Europe's Thirst for Trial Information

April 1, 2008

Applied Clinical Trials

Volume 0, Issue 0

New regulations prompt the EU to request more info from sponsors on clinical trial applications.

At the end of 2008, everyone conducting clinical trials in Europe will have to switch to a new format for applications for authorization, for introducing substantial amendments, and for declaring the end of a trial. The changes, which are being made by the European Union to take account of recent regulatory developments, underline Europe's insatiable thirst for increased volumes of information about clinical trials.

Peter O'Donnell

One of the prompts for the change is the coming into force of the new rules on pediatric medicines (on which this column has provided extensive coverage). But the concerns over first-in-man trials are also a factor in imposing the new format. Last year, the EU's Medicines Agency in London published a guideline on reducing risk in these trials, and trial authorization applications will have to be adapted accordingly.

There is a third motivation too, which the EU rather primly refers to as "to clarify the submission of information on the results of clinical trials in view of its publication"—another gesture toward the continuing controversy over the comprehensiveness, accessibility, and impartiality of the information available on medicines.

Under the new format, revised during February, the "request for authorization of a clinical trial on a medicinal product for human use to the competent authorities and for opinion of the ethics committees in the Community" will be still more onerous to complete. It will, for instance, no longer be enough to provide the full title of the trial. Additional requirements include "title of the trial for lay people, in easily understood language," and "name or abbreviated title of the trial when used." In the section on general information on the trial, it is no longer enough to "specify the medical condition(s) to be investigated." Now, there is also the obligation to indicate the "medical condition in easily understood language," as well as the therapeutic area.

A new section entitled "Source(s) of monetary or material support" seeks information on the name of the organization and the country, and another new section entitled "Contact point designated by the sponsor for further information on the trial" demands the name of the organization, the contact point (such as "Clinical Trial Information Desk," it gives as an example), and details of address, phone, fax, and email.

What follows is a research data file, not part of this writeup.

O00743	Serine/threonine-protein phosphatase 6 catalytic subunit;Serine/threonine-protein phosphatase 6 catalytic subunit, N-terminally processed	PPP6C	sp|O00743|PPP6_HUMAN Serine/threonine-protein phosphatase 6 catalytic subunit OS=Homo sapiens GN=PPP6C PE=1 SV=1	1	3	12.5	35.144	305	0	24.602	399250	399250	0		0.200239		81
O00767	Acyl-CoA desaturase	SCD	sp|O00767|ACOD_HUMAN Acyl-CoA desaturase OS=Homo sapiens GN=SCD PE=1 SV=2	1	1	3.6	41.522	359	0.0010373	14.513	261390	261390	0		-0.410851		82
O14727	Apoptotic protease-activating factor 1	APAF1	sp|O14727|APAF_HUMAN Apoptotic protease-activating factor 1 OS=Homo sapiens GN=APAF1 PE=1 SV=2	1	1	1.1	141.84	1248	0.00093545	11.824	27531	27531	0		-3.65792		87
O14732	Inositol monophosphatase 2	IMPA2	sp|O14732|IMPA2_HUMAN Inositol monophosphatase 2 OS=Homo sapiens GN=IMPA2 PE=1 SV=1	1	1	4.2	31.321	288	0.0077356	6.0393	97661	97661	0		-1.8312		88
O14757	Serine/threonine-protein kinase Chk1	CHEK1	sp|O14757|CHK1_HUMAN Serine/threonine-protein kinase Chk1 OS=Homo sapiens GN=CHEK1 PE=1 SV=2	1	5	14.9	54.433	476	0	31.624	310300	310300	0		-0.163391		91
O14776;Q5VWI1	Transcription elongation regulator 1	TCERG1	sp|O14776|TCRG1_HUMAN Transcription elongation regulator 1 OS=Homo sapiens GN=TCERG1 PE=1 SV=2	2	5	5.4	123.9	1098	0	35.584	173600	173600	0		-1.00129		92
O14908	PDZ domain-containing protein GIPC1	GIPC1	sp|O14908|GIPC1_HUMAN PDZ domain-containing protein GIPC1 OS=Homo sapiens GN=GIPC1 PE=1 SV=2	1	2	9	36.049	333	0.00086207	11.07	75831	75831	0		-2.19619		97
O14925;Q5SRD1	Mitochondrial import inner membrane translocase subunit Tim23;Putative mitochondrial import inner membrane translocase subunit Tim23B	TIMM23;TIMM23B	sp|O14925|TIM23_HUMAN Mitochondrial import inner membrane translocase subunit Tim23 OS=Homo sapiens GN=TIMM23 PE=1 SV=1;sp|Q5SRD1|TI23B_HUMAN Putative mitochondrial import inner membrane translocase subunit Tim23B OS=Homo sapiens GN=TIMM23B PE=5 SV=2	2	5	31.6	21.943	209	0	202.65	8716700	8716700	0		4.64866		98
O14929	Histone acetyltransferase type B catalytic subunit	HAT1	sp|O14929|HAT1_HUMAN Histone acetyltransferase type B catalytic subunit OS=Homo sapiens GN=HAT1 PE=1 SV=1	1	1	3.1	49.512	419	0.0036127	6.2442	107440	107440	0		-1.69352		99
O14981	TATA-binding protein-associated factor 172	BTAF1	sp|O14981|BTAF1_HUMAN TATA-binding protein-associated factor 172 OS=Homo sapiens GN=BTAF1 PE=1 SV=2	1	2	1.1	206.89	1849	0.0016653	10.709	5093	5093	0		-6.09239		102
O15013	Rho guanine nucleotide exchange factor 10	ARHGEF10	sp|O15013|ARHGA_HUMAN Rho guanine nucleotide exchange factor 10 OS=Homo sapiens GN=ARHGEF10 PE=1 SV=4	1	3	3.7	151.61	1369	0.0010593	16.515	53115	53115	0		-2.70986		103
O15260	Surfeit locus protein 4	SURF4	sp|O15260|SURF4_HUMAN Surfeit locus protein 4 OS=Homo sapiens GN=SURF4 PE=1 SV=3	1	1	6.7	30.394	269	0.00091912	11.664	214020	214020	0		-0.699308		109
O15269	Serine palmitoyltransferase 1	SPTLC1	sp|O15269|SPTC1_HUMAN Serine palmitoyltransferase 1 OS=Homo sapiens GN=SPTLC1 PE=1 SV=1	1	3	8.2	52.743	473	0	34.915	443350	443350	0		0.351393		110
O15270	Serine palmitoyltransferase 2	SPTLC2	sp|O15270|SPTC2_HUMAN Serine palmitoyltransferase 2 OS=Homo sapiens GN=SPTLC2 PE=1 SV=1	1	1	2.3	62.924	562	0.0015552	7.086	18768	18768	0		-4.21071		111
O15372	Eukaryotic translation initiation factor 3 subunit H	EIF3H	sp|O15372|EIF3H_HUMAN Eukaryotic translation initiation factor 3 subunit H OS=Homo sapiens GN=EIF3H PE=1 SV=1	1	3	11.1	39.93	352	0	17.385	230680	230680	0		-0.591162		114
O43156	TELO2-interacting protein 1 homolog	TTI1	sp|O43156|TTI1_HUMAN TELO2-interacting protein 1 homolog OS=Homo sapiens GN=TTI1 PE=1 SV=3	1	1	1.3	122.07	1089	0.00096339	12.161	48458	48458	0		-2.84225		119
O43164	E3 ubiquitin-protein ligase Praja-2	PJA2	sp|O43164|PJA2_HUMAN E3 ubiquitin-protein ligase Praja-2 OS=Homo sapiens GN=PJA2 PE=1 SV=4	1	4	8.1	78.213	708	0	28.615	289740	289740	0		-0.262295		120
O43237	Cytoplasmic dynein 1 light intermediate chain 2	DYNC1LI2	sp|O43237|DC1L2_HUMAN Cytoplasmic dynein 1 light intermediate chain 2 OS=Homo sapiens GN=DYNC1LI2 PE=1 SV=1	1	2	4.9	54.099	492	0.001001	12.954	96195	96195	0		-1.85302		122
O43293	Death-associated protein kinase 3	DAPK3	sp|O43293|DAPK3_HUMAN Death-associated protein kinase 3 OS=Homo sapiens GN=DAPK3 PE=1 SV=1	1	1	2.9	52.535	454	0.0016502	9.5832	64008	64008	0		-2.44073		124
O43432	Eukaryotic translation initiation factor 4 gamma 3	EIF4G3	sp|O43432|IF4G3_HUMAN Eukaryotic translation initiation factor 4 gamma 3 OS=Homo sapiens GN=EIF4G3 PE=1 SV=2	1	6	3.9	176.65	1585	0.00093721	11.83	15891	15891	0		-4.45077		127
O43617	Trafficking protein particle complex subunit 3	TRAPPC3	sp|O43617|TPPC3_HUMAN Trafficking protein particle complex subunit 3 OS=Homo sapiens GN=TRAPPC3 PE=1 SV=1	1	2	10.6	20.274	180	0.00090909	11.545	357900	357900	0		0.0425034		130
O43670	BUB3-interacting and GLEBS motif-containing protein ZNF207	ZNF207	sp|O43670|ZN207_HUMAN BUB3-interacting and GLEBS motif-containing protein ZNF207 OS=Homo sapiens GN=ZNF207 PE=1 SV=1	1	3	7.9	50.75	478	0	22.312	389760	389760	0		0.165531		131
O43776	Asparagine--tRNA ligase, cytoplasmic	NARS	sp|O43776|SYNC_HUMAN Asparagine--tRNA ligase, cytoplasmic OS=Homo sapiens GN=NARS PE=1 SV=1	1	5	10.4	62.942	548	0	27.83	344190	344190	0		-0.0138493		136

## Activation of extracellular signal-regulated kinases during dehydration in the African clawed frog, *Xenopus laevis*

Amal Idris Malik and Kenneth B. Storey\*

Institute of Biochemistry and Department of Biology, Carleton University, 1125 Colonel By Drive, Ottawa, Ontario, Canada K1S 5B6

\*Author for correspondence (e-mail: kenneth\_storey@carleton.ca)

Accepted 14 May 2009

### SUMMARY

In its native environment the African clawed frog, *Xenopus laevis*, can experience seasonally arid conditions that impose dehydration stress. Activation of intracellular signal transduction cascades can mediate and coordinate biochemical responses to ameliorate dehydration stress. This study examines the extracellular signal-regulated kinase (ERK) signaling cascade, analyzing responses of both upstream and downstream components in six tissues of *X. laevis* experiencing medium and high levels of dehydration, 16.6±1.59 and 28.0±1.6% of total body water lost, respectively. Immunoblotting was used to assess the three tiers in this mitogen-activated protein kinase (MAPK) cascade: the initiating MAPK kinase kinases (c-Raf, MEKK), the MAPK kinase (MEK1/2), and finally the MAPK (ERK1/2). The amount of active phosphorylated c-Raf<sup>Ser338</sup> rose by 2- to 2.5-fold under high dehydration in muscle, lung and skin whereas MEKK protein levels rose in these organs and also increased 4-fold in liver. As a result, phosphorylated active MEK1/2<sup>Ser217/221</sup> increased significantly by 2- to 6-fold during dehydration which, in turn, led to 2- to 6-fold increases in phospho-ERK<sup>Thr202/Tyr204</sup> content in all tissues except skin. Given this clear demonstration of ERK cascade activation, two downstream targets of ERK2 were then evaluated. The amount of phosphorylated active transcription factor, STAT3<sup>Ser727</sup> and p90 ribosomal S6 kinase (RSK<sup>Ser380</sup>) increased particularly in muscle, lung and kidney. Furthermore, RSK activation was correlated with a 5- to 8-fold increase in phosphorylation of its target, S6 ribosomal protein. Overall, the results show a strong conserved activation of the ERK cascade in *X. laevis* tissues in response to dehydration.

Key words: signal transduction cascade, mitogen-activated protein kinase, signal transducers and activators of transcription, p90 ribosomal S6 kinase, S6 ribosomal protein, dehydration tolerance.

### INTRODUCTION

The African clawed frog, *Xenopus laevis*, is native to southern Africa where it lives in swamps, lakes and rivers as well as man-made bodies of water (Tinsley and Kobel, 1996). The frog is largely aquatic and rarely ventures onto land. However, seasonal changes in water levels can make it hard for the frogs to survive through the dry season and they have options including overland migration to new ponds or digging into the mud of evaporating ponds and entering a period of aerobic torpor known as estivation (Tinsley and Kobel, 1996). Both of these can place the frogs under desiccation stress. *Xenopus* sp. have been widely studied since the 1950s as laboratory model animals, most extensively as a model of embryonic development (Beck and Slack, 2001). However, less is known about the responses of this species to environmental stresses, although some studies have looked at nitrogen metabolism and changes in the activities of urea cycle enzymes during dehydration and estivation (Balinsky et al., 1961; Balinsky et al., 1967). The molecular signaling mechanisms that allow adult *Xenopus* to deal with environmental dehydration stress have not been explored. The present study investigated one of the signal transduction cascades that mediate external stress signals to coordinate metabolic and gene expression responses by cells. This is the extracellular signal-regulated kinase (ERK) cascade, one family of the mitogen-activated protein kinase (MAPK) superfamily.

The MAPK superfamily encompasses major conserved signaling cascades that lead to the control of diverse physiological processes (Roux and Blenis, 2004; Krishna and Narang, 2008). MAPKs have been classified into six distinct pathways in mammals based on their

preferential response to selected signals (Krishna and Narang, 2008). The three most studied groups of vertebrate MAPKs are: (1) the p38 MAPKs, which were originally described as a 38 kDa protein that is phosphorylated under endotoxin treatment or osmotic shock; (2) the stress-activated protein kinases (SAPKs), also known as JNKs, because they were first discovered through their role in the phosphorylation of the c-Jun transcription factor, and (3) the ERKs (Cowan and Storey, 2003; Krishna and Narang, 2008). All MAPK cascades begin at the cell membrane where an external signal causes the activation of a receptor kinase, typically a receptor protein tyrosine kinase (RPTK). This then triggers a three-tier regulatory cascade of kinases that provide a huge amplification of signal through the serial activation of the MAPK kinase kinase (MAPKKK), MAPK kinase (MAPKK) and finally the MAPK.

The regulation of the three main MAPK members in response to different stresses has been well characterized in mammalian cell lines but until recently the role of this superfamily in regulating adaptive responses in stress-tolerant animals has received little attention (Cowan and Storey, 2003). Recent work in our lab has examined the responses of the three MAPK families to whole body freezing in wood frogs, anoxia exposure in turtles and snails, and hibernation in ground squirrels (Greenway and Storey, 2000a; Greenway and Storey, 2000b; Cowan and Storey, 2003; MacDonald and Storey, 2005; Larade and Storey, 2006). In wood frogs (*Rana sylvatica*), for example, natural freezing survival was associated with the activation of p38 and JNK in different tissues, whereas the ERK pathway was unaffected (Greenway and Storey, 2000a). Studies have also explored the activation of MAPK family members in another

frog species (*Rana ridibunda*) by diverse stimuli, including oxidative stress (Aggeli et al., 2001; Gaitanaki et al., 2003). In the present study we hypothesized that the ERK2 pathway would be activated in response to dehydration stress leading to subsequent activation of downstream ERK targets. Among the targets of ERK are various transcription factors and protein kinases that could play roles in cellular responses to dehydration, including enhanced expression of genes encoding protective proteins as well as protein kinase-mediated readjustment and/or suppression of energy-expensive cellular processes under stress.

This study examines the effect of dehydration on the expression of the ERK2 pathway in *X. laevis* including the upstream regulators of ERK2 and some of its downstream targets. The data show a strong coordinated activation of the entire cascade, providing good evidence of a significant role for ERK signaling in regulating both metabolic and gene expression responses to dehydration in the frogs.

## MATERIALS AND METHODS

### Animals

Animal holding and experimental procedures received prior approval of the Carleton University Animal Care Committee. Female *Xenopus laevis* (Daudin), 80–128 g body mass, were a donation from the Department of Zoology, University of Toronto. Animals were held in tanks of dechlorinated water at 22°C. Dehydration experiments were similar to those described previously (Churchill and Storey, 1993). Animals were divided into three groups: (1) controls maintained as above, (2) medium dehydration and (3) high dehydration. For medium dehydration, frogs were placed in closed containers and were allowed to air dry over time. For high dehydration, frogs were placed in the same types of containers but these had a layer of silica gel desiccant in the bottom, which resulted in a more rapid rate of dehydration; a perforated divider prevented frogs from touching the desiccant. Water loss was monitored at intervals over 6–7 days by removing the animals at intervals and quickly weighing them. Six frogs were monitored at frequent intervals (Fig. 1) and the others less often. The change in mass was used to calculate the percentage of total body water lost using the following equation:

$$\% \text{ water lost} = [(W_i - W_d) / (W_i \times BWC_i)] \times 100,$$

Similarly, the application will have to make clear whether the trial is part of a Pediatric Investigation Plan (and if so, supply the European Medicines Agency's decision number for the plan). Under the section on clinical trial sites, there is a new question relating to "networks to be involved in the trial" (for which the example is given of "pediatric networks involved in the trial"), with a request for details of the organization, its activities, and its contact details.

The section on investigative medicinal products also contains some additional questions. "Is it an IMP to be used in a first-in-human clinical trial?" and "If yes, are there risk factors identified, according to the guidance [issued by the EMEA on first in humans]?"

Information has to be given not only on which countries in the European Economic Area (the EEA includes 27 EU member states plus Iceland, Liechtenstein, and Norway) are hosting the trial, but one of the new questions asks: "Is the trial being conducted completely outside of the EEA?" and "If yes, specify the regions in which trial sites are planned."

It will be necessary to supply information on the proposed date of start of recruitment in all the countries concerned, and the person signing the application has also to undertake to "submit the date of inclusion of the first subject." And if a substantial amendment concerns several trials involving the same IMP, then it is now necessary to provide the trials' numbers from the EU's EudraCT database of trials.

The new format is currently available for consultation and comment (

). And the new Annexes 1, 2, and 3 on the Clinical Trial Application Form, the Substantial Amendment Form, and the Declaration of the end of a Clinical Trial Form are due to be implemented "toward the end of 2008," says the EU.

Progression-free survival

Not all the changes that the EU makes are merely bureaucratic. The European Medicines Agency has just produced some thoughtful guidance on using progression-free survival (PFS) as a primary endpoint in clinical efficacy trials for anticancer products. It takes the form of an appendix to existing EMEA guidelines on evaluating anticancer products in man and clarifies issues such as the endpoint definition, frequency and methods of assessment, ascertainment bias, handling of deviations and missing data, and radiology review. It will come into effect this coming August.